[Ads-l] saluggi

Joan Hall 00000876364530cf-dmarc-request at LISTSERV.UGA.EDU
Tue Jan 28 15:41:06 UTC 2020

A number of ADS members contributed to DARE’s entry for saluggi more than a decade ago:

saluggi n
Also s(a)loogie, salugie, salugi [Etym unknown] New York City<https://www-daredictionary-com.ezproxy.library.wisc.edu/search?rcode=region.NYC>
Cf monkey-in-the-middle<https://www-daredictionary-com.ezproxy.library.wisc.edu/view/dare/ID_00038633#ID_00038633>

An unorganized game among children in which an article is snatched away from a victim and tossed back and forth among the tormentors; also used as a call in the game.

1975 Ferretti Gt. Amer. Book Sidewalk Games<https://www-daredictionary-com.ezproxy.library.wisc.edu/bibliography?letterHeading=F#bibl_11770> 169, Saluggi, or Saloogie, is another rather simple game that derives from torment. Two or more players simply take something . . virtually anything that can be construed as something of a treasure . . from another kid and throw it back and forth . . while the owner tries desperately to get back his or her property. The only rules are that whoever catches the item must shout, “Saloogie on Chris’s knife!,” . . or whatever and that the victim must be angry, which is not at all difficult. It is not necessary to choose up for a game of Saloogie; rather, the predators have to decide on a victim, which is not difficult.

1977 NY Times (NY)<https://www-daredictionary-com.ezproxy.library.wisc.edu/bibliography?letterHeading=N#bibl_7159> 6 July 29, It was a game as valid to him and his friends as stoop-ball, kick the can, ring-a-lievio, red rover and salugi were to an earlier generation.

1985 DARE File<https://www-daredictionary-com.ezproxy.library.wisc.edu/bibliography?letterHeading=D#bibl_11067> NYC<https://www-daredictionary-com.ezproxy.library.wisc.edu/search?f_0=reglabel&q_0=NYC> (as of c1920), [səˈlu:ǰi]. . . was what we called a nasty little practice in grade school when children—when, the boys—got out. . . Someone would say, “Let’s play [səˈlu:ǰi]!” And he would grab the cap off the head of the nearest boy. . . and he would fling the cap to someone . . across the way. The boy whose cap it was would go rushing after it, and of course the recipient [would] . . fling it off to someone else. And this kept on until the boy was in tears, or until he got so angry that he started to beat people. . . Sometimes. . . after the person was in despair . . somebody would [say] “Ah! give it to him!”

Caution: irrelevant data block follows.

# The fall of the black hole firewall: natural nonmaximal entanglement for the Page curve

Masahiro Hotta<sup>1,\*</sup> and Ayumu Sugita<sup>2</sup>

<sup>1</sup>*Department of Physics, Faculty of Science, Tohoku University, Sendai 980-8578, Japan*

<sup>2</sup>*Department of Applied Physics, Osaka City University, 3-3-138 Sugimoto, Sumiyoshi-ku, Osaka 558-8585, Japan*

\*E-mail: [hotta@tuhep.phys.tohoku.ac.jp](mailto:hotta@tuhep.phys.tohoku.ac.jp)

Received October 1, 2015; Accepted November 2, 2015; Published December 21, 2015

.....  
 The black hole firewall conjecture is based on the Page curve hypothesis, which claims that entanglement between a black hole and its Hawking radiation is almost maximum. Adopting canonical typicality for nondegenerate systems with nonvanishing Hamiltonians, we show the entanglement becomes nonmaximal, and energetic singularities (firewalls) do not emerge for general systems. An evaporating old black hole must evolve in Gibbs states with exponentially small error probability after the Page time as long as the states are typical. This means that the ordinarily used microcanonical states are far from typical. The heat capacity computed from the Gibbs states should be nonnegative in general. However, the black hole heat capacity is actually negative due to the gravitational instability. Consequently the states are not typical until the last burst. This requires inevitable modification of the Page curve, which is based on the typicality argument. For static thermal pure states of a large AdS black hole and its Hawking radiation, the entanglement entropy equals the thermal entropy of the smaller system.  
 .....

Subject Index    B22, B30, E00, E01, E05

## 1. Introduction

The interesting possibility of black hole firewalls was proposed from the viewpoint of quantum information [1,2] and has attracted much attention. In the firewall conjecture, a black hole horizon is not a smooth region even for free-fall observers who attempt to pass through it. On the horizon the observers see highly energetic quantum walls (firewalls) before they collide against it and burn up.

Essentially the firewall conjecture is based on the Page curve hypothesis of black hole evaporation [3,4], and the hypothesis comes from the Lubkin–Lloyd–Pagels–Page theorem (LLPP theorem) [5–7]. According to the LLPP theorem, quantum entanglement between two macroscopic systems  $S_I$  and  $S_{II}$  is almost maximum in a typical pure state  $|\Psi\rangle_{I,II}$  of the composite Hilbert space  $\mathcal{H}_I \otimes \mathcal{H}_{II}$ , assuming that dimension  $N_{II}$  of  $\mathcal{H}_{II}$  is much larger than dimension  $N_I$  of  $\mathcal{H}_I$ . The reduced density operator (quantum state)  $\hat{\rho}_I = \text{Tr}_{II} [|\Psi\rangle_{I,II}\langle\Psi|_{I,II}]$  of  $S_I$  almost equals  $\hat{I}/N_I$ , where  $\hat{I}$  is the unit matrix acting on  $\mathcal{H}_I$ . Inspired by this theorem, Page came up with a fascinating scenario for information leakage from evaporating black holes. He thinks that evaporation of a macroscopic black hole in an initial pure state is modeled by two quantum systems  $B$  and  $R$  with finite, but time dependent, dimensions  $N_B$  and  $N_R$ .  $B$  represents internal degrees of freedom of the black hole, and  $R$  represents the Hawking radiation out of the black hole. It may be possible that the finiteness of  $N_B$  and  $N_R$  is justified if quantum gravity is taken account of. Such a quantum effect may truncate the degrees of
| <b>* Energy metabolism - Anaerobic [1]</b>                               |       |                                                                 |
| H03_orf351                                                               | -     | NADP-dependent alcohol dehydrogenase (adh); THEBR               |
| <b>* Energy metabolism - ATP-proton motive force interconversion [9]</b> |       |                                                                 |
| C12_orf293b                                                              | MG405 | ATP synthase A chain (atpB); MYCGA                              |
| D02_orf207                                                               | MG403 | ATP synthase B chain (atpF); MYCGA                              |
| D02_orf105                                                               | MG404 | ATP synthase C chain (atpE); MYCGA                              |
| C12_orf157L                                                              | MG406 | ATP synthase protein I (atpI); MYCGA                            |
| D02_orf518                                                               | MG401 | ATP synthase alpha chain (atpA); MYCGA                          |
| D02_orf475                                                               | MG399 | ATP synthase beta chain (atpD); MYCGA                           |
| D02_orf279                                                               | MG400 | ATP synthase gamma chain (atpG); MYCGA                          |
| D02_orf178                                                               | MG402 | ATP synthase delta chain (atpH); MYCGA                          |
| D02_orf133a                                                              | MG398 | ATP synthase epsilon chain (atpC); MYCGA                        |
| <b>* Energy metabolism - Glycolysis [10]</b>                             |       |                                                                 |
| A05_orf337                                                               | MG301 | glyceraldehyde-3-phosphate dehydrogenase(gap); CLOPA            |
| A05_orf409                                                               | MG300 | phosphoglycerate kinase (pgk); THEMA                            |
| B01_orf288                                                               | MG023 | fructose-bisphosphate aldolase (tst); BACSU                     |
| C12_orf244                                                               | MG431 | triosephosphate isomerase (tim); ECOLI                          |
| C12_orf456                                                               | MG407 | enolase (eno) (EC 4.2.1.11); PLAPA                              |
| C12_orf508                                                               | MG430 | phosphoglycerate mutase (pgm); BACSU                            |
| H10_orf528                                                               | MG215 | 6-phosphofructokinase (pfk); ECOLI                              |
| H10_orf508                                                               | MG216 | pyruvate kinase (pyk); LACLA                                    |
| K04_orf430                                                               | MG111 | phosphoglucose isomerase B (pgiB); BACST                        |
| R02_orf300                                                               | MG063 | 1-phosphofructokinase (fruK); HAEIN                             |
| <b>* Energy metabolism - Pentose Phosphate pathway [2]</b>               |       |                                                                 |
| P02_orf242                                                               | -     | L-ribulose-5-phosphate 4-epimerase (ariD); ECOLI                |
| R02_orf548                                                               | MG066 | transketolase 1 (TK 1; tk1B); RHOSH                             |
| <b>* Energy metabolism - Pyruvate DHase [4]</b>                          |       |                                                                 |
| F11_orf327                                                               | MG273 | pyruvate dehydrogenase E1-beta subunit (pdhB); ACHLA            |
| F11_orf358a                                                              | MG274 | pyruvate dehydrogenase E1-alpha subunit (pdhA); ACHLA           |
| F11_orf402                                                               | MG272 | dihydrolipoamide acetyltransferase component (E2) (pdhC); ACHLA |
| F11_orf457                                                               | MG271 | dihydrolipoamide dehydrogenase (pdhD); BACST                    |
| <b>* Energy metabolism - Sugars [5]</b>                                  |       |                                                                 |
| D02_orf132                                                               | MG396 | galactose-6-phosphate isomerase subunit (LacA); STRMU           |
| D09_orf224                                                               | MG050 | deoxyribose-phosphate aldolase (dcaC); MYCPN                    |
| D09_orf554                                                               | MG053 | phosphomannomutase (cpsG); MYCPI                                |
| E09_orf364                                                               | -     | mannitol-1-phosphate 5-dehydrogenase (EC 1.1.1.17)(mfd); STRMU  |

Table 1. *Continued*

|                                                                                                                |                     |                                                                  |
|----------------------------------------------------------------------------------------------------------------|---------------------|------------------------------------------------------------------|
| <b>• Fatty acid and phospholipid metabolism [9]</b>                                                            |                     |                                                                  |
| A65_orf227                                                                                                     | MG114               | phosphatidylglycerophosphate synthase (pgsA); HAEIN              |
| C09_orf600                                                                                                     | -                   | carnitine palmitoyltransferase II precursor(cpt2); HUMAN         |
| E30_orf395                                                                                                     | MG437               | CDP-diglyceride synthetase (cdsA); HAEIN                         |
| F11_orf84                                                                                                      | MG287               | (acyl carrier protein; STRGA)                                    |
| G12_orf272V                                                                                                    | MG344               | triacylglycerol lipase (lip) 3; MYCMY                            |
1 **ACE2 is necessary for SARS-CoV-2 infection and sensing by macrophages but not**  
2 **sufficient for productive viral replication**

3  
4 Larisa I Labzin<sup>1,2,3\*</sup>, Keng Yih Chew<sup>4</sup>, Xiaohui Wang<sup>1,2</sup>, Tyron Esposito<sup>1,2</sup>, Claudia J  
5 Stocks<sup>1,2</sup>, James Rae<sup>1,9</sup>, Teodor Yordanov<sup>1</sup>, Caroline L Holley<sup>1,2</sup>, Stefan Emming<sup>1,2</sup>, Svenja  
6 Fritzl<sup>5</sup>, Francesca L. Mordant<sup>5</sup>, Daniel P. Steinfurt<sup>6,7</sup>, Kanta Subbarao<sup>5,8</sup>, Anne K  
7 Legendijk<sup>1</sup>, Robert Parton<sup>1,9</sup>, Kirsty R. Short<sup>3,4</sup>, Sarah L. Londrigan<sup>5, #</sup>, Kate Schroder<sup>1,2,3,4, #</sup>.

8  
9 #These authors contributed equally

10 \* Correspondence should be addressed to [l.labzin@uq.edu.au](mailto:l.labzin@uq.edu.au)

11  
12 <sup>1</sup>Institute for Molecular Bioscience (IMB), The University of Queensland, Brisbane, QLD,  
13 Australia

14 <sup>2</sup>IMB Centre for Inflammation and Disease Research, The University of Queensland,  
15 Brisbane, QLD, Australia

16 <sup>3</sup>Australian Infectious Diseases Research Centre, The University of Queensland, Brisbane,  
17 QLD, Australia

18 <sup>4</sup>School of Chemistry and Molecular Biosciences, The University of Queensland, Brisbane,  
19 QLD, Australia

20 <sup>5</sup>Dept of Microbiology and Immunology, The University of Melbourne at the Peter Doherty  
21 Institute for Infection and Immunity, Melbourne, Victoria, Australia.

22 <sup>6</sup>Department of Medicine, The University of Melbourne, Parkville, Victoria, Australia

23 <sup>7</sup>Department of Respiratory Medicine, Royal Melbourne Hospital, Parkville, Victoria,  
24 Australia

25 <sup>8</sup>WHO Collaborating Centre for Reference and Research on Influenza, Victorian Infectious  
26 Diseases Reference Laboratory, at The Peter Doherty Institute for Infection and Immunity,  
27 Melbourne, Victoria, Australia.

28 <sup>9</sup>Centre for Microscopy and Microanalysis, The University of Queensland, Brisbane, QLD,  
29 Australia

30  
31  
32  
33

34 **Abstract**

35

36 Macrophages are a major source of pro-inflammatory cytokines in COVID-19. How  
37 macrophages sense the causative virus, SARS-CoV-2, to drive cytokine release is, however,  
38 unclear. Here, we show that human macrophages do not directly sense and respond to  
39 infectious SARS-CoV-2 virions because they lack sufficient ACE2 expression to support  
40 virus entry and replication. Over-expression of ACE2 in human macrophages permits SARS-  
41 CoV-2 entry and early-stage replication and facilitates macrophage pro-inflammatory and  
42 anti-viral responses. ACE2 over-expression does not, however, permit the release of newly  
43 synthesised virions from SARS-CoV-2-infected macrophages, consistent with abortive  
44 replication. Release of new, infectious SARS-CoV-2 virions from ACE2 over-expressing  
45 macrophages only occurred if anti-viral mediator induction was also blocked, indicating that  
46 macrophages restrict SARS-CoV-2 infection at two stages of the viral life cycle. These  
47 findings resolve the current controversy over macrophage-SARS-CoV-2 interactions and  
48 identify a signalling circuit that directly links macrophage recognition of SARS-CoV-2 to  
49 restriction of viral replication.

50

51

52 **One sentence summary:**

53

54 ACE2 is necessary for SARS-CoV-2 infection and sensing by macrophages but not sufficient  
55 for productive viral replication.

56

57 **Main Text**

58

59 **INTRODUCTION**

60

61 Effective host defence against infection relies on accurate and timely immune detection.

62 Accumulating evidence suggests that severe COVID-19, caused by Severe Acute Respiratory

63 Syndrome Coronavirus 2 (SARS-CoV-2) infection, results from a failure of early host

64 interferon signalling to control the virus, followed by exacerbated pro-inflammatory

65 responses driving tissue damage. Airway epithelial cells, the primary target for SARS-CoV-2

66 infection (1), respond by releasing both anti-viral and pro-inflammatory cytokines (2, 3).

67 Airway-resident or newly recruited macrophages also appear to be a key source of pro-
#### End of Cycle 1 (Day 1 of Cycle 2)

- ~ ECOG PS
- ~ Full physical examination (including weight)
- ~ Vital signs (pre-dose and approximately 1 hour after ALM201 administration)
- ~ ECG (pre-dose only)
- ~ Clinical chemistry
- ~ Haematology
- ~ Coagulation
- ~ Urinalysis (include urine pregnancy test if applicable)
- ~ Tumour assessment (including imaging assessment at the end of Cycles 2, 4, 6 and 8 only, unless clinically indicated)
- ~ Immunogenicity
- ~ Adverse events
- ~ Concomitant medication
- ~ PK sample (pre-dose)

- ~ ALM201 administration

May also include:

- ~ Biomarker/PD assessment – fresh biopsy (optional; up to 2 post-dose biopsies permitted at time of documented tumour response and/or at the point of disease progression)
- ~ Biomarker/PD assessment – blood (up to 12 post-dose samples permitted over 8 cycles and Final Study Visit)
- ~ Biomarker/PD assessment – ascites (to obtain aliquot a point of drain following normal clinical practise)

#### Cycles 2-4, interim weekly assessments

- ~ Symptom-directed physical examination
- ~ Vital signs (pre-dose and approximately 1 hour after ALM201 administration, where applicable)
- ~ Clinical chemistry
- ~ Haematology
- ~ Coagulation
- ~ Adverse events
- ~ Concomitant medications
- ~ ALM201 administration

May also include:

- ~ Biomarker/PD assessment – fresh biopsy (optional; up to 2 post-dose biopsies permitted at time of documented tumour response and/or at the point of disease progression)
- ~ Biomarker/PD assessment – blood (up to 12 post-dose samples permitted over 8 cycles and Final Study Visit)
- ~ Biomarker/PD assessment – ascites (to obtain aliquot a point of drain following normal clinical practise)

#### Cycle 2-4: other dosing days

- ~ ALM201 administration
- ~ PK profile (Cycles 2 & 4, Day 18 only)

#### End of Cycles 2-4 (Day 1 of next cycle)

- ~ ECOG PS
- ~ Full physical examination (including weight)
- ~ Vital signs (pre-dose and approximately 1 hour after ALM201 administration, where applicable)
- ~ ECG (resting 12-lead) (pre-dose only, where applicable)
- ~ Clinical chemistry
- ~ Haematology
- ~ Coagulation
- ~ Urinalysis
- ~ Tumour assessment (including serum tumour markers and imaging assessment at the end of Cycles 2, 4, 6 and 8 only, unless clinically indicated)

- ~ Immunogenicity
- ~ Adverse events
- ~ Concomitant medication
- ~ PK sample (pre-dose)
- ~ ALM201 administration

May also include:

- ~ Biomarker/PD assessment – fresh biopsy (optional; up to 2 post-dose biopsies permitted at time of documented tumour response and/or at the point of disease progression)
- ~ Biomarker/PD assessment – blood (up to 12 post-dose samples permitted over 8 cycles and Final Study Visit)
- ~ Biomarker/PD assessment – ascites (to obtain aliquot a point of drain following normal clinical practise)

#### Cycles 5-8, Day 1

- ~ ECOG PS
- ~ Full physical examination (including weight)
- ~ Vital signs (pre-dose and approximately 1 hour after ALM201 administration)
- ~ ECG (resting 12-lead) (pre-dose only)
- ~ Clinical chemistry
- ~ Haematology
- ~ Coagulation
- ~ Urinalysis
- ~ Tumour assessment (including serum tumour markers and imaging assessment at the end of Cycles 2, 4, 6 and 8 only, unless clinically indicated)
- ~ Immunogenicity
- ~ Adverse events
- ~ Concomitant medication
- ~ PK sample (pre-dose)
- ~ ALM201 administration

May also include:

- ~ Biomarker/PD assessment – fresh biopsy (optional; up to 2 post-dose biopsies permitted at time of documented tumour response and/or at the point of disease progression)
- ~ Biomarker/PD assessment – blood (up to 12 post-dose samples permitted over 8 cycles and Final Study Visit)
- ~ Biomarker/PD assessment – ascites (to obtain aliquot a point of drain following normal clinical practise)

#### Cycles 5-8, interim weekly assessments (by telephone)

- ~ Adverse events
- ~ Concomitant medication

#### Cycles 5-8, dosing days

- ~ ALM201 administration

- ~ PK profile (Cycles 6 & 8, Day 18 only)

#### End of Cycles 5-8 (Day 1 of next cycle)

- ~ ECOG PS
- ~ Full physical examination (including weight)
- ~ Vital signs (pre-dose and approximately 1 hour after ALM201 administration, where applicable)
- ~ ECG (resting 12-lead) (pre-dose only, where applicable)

1987 Ibid<https://www-daredictionary-com.ezproxy.library.wisc.edu/bibliography?letterHeading=#> Bronx NYC<https://www-daredictionary-com.ezproxy.library.wisc.edu/search?f_0=reglabel&q_0=Bronx%20NYC> (as of 1955), Salugi [ˌsəˈluǰi]—an unorganized torment “played” by boys, which involved snatching the cap or hat off one boy’s head and tossing it back and forth between confederates until the victim either retrieved his cap or was reduced to tears or the use of his fists. Although the cap was the article most frequently snatched, any small article would do. The victim received no warning—all of a sudden he would hear the cry “Salugi!” and his cap would be gone.

1993 Ibid<https://www-daredictionary-com.ezproxy.library.wisc.edu/bibliography?letterHeading=#> NYC,<https://www-daredictionary-com.ezproxy.library.wisc.edu/search?f_0=reglabel&q_0=NYC> [Re descriptions of saluggi:] Sounds like saloogie/sloogie all right! Did I tell you it’s also known as Monkey In The Middle.

Ibid NYC,<https://www-daredictionary-com.ezproxy.library.wisc.edu/search?f_0=reglabel&q_0=NYC> Salugi is/was a rather malicious “game” . . that must have a victim, one who is not a willing player. At least for me, monkey-in-the-middle has no such constraints.

Ibid NYC,<https://www-daredictionary-com.ezproxy.library.wisc.edu/search?f_0=reglabel&q_0=NYC> I grew up in Brooklyn, but learned the “game” in Manhattan and the Bronx. It is that fine old vicious childhood game of stealing a kid’s hat. . . Usually the kid is fat or short or weak or the wrong sex or wrong color—in any case it is certainly a Persecution Model game. . . I learned the word [=saluggi], then, in Northern New York City in the 1950s, and have heard it nowhere else.

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